- The Trouble with Harry, an introduction by director Ernest Dickerson
- New interviews with Burnett and actors Glover, Alice, Sheryl Lee Ralph, and Carl Lumbly
- PLUS: An essay by critic Andrew Chan
The Criterion Collection, a continuing series of important classic and contemporary films presents Tigers Are Not Afraid.
Issa López’s festival-favourite is a darkly magical tale set in the real world tragedy of Mexico’s violent drug war, where thousands of murdered and missing people result in countless orphaned children forced onto the streets to fend for themselves. When her mother disappears, a young girl named Estrella uses one of three wishes granted to her to ask for her mother back and finds herself haunted by a vengeful ghost. Estrella takes up with a quartet of street kids led by Shine but the boys have their own problems, pursued by a vicious gang intent on reclaiming a lost iPhone. Blending artfully immediate handheld cinematography and convincing fantastical digital effects, López creates a realist fairy tale that stands as a prescient statement on Mexico’s deadly drug cartels and a hauntingly magical fairy tale.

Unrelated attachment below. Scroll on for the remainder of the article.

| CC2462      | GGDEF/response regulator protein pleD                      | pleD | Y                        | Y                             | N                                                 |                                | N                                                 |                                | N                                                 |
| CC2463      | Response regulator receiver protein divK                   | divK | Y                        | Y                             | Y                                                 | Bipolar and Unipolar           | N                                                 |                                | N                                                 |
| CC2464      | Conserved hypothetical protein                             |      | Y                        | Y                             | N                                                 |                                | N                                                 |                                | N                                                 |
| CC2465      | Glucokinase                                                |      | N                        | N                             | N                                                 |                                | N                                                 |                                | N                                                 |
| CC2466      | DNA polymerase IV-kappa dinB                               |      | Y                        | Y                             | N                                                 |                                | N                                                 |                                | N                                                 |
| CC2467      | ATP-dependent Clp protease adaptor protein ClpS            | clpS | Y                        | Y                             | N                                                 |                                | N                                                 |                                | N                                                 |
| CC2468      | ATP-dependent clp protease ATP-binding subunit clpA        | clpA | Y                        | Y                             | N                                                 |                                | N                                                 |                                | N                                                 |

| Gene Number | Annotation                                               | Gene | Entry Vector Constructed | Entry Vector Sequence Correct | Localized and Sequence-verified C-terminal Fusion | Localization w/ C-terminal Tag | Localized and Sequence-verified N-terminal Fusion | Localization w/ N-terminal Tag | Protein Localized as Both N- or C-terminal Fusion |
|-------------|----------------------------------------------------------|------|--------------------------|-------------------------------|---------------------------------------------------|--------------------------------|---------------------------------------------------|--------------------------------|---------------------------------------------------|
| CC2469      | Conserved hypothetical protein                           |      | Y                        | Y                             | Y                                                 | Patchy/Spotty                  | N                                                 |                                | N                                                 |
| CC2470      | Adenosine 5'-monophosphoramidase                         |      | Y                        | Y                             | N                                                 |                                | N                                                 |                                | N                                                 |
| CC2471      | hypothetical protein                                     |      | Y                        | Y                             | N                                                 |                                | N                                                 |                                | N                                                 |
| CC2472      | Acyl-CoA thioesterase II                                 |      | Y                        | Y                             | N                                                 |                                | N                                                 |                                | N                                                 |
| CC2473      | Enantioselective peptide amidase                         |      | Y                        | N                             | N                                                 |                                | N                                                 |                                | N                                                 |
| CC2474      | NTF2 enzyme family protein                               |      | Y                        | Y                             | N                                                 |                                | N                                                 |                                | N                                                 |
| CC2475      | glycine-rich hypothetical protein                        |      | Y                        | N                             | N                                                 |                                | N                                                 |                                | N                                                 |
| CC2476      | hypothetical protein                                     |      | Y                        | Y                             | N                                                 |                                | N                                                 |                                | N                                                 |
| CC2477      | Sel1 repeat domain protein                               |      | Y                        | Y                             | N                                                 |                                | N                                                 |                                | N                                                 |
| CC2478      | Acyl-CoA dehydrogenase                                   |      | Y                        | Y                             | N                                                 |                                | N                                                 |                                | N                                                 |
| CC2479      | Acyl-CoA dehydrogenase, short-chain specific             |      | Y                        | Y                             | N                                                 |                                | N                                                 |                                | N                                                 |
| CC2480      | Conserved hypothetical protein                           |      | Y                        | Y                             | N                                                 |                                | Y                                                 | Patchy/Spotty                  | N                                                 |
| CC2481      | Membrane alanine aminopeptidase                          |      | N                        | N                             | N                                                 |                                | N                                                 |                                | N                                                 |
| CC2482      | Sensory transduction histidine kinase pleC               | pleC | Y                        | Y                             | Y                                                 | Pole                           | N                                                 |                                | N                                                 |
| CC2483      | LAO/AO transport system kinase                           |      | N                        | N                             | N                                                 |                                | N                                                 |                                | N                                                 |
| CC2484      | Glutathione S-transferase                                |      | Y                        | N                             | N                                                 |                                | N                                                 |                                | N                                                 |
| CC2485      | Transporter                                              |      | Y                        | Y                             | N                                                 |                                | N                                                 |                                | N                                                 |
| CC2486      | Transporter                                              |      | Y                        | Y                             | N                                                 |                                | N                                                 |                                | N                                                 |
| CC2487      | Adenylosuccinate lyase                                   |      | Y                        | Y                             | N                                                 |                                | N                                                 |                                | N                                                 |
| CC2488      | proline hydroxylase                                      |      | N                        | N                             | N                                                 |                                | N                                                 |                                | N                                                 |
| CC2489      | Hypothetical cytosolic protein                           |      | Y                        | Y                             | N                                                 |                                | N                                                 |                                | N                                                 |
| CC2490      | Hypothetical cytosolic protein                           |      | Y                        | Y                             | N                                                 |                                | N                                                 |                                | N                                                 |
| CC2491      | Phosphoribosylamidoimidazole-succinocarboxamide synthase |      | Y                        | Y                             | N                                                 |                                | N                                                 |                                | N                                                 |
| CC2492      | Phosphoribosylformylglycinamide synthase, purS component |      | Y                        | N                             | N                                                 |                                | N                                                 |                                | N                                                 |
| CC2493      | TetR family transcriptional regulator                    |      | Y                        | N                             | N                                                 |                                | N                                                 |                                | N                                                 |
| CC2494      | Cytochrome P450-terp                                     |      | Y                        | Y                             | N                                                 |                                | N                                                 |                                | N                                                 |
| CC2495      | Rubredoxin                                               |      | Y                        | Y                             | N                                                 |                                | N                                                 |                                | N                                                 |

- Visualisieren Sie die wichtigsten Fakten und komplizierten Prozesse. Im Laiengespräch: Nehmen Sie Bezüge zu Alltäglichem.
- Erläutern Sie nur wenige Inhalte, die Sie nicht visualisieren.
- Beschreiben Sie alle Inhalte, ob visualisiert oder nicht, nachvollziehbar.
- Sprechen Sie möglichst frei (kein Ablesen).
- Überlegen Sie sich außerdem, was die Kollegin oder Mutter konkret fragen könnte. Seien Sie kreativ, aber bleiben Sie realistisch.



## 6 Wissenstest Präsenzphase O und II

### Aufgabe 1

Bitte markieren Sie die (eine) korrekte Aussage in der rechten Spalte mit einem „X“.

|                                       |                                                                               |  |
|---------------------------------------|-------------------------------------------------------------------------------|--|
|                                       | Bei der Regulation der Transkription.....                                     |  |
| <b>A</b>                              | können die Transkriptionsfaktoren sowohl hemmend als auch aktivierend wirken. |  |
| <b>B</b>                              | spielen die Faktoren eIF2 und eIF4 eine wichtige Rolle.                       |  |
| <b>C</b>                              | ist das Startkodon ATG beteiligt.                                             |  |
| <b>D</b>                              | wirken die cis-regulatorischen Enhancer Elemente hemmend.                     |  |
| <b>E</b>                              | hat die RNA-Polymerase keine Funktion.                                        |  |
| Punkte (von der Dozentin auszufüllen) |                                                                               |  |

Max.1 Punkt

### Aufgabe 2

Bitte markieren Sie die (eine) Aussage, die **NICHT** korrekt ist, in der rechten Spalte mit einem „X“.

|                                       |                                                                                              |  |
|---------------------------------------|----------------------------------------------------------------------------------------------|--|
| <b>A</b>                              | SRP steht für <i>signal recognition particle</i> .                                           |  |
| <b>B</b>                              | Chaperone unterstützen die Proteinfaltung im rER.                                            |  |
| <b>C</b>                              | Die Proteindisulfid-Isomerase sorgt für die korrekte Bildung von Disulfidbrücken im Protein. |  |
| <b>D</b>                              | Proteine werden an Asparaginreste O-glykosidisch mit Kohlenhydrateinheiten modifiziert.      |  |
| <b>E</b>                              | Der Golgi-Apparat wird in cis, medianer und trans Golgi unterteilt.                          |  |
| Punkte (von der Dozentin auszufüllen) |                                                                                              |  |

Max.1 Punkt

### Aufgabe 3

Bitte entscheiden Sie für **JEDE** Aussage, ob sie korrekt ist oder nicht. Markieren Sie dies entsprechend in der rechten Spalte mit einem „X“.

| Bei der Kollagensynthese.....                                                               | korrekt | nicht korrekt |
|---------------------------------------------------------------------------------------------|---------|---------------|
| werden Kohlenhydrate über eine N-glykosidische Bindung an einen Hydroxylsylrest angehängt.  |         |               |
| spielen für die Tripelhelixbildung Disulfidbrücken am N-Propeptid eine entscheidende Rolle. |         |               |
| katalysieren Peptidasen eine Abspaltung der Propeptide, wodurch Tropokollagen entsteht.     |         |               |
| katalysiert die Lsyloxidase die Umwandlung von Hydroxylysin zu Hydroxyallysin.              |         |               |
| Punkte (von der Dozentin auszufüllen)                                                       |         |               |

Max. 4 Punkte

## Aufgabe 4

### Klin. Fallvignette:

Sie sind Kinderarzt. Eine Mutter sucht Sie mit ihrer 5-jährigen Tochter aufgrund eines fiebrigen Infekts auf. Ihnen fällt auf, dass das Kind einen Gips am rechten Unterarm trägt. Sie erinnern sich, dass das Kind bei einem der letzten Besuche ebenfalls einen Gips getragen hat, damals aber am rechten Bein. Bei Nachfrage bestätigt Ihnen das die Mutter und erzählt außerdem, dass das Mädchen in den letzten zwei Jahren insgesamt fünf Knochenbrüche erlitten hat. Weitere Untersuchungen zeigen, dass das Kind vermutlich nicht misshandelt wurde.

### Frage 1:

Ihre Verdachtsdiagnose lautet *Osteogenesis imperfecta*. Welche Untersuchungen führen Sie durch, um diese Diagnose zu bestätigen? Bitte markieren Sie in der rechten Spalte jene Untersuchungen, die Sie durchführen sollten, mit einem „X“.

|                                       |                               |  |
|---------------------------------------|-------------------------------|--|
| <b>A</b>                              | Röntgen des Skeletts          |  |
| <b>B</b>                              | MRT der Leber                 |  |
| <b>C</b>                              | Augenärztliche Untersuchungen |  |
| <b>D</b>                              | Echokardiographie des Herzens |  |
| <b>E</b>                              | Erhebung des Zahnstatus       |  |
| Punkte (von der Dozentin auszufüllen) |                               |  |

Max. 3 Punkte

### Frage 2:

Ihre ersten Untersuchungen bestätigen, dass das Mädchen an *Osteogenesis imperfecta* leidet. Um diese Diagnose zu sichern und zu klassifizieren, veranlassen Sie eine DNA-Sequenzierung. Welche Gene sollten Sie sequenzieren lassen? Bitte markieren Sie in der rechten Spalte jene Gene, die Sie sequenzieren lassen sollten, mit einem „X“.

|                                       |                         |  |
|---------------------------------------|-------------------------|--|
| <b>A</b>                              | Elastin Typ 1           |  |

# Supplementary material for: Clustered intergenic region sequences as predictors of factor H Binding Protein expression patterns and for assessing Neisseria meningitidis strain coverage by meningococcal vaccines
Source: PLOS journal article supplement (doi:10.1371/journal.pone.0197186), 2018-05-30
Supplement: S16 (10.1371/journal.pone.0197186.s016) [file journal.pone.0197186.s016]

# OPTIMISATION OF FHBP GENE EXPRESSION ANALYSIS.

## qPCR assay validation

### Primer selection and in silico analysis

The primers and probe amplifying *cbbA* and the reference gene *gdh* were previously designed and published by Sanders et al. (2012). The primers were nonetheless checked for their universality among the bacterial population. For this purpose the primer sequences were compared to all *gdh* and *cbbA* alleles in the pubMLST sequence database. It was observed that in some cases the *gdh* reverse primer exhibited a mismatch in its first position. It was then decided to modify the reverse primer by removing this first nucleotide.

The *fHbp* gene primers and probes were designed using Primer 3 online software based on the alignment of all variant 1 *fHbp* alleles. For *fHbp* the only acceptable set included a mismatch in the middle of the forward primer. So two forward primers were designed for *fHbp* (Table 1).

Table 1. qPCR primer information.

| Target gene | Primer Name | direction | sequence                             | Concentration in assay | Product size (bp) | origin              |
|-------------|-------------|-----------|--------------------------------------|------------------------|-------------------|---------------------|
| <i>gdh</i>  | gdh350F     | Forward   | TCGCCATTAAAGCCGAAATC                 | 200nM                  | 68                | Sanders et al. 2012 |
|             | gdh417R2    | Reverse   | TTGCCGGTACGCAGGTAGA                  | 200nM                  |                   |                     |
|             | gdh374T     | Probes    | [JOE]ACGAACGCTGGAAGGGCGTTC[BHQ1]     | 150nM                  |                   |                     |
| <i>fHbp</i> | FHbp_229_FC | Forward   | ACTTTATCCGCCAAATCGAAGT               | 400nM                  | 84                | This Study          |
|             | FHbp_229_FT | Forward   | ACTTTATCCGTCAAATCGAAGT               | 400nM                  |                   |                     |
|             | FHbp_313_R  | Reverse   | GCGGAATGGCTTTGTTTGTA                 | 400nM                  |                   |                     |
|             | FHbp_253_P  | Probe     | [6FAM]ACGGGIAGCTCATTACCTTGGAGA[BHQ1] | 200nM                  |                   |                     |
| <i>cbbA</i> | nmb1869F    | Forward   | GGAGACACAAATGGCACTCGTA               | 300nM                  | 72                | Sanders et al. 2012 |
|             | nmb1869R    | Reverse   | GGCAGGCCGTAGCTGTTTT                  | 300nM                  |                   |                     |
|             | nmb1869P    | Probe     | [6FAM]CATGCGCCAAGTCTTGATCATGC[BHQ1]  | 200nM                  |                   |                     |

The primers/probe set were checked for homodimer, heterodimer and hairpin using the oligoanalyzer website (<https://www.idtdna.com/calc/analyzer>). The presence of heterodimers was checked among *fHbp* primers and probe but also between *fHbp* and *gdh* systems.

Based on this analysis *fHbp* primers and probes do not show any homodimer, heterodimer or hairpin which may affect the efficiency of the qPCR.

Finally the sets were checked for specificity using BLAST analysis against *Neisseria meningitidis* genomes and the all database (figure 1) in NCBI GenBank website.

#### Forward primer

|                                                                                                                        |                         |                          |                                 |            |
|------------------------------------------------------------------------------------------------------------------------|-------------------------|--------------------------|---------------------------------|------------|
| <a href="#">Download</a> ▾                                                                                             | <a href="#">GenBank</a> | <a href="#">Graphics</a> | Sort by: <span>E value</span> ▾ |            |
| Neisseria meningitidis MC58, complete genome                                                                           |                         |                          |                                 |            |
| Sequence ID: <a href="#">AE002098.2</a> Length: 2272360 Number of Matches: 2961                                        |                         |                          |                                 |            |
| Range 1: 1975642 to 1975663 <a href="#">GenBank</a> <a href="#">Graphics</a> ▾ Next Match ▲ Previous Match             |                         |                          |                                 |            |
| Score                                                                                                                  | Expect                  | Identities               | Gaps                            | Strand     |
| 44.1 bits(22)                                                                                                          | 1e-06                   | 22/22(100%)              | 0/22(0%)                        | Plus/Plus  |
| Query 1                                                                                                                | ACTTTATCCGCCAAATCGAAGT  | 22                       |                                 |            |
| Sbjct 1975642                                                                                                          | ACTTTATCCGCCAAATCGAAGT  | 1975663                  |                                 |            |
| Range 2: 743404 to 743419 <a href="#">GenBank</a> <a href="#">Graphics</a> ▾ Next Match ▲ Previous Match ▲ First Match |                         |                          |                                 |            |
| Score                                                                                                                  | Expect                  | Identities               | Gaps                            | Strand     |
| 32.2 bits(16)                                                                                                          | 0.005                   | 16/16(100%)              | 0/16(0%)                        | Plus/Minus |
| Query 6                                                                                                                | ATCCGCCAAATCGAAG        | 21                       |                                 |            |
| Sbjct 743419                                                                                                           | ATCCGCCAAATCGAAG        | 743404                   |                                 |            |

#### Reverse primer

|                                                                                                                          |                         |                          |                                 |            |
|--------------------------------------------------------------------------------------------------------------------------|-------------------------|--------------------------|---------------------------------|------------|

- 2K digital transfer, approved by director Issa López, with 5.1 surround DTS-HD Master Audio soundtrack on the Blu-ray
- New interview with López, acting coach Fátima Toledo, and filmmaker Guillermo del Toro
- Tan Callando, López’s 1994 student film made at Mexico’s National University, with introduction by the director
- New English subtitle translation
- PLUS: An essay by novelist Stephen King
I don’t know about you, but it’s cold where I am. And it’s not going to get warm for a while. It’s all enough to make you lose it a little. Just ask Winston (Matt Kelly), the titular character of Aram Sarkisian’s award-winning short film, — Winston. I saw — Winston on the second day of the 2017 Saskatoon Fantastic Film Festival and it completely drew me in. In my Festival Report, I commented:
Aram Sarkisian crafts a snowy hell of murder and paranoia in —Winston (2017). Fevered letters recounting one man’s hatred for his neighbour offer a window into the main character’s descent into Poe-inspired madness and Sarkisian’s knack for stark design and affective montage (along with some great voice-acting) make —Winston a tiny masterpiece in the macabre.